Visit East Mesa in Cuyamaca Rancho State Park, and see how Nature has recovered after the 2003 Cedar Fire.

This past rainy season delivered only a small share of moisture to grassy East Mesa in the Cuyamaca Mountains. So don't wait long if you want to enjoy spring-green rather than summer-yellow meadow vistas. Outlined here is a "grand tour" loop of 10.5 miles, which could take a long morning or a long afternoon to hike. As the map printed here suggests, other, shorter routes into the area are possible. Carry water, and be aware that travel here is by foot or horse only (no mountain bikes).

You start at the Sweetwater River bridge trailhead, on Highway 79, 15.2 miles south of Julian or 7.6 miles north of Interstate 8 at Descanso. From there, follow the Harvey Moore Trail south and east across a hillside dotted with singed oaks and covered with pioneering chaparral vegetation that has sprung up since the Cedar Fire. After about two miles, more burned oaks and pines appear. At the junction of the Dyar Spring Trail (2.4 miles), you'll have gained almost 800 feet, already the majority of the total elevation gain during the entire trip. East Mesa now lies ahead.

East Mesa isn't a mesa in the usual desert sense, but rather a gently inclined bench of broad grasslands interrupted by tree- and brush-covered promontories. The diversity of habitats in this area supports possibly the largest deer herd in the county.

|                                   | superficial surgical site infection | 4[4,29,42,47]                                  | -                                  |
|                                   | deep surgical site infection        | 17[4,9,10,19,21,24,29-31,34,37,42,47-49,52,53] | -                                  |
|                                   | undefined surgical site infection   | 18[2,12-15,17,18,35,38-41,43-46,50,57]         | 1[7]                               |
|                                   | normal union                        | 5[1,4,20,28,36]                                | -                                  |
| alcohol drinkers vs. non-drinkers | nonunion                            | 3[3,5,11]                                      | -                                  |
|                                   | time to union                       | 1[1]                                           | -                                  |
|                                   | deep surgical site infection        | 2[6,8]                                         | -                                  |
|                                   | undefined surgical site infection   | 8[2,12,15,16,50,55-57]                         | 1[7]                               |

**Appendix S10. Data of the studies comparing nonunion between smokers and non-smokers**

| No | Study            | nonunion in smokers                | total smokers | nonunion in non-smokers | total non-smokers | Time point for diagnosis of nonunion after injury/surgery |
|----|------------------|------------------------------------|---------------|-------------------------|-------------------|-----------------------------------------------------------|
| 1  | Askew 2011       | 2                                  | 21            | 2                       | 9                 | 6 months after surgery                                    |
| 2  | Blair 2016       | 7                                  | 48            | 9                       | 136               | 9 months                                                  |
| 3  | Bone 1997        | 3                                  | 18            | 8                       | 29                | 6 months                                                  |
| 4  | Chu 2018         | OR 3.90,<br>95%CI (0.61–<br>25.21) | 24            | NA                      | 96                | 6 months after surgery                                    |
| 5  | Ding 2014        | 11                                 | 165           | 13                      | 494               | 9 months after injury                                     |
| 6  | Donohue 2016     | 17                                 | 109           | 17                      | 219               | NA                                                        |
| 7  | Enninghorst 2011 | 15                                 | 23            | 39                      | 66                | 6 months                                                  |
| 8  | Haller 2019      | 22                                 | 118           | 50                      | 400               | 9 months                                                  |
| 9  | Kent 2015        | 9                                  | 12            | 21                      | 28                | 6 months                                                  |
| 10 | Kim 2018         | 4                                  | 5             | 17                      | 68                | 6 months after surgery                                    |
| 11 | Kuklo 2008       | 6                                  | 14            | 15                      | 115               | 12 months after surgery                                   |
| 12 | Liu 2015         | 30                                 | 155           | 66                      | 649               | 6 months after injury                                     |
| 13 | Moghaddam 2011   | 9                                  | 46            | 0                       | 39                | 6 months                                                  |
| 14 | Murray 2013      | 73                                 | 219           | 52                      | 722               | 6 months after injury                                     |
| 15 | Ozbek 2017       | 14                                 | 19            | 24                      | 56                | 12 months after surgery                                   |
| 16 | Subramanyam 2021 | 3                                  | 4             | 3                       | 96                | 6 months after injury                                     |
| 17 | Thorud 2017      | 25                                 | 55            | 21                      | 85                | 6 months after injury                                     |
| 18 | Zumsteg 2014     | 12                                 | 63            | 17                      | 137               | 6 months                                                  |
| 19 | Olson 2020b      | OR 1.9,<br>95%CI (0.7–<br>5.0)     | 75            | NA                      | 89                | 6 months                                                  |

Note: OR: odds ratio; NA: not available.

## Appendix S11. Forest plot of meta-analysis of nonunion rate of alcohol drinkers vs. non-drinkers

After climbing over a low saddle you come to a junction (3.4 miles). Turn left, and shortly after left again, to reach Granite Spring Primitive Camp (4.0 miles), off to the right side of the trail. A hand pump dispenses potable, but somewhat unpleasant-tasting, iron-rich water. You're better off drinking the water you've brought along.

From Granite Spring, return to the Harvey Moore Trail (which is now coincident with East Mesa Fire Road) and proceed generally north for another one mile to the next junction, where the Deer Park Trail, bound for Cleveland National Forest lands in the Laguna Mountains, heads east. Swing left and follow the continuation of the Harvey Moore Trail north, heading toward the south rim of the deep Harper Creek canyon. You descend gradually at first, then much more sharply on a zigzagging course that has proven difficult to maintain over the years. The postfire recovery of native vegetation -- oaks, pines, manzanita, ceanothus, mountain mahogany, and more -- should be more rapid here than elsewhere, due to the slope's cooler, shadier, north-facing aspect. After an elevation loss of 700 feet, you reach Harper Creek.

The trail turns west and follows Harper Creek downstream; after three crossings, it climbs abruptly up the brushy north slope to a position about 100 feet above the creek to avoid the rocky gorge below. It then contours for about 0.4 mile and then drops sharply to the bank of the creek just below the gorge. Leave the Harvey Moore Trail at this point, cross the creek, and pick up the East Side Trail. Stay on the East Side Trail, enjoying a nearly consistent, slightly downhill stretch of nearly three miles, until you reach the Sweetwater River bridge trailhead.

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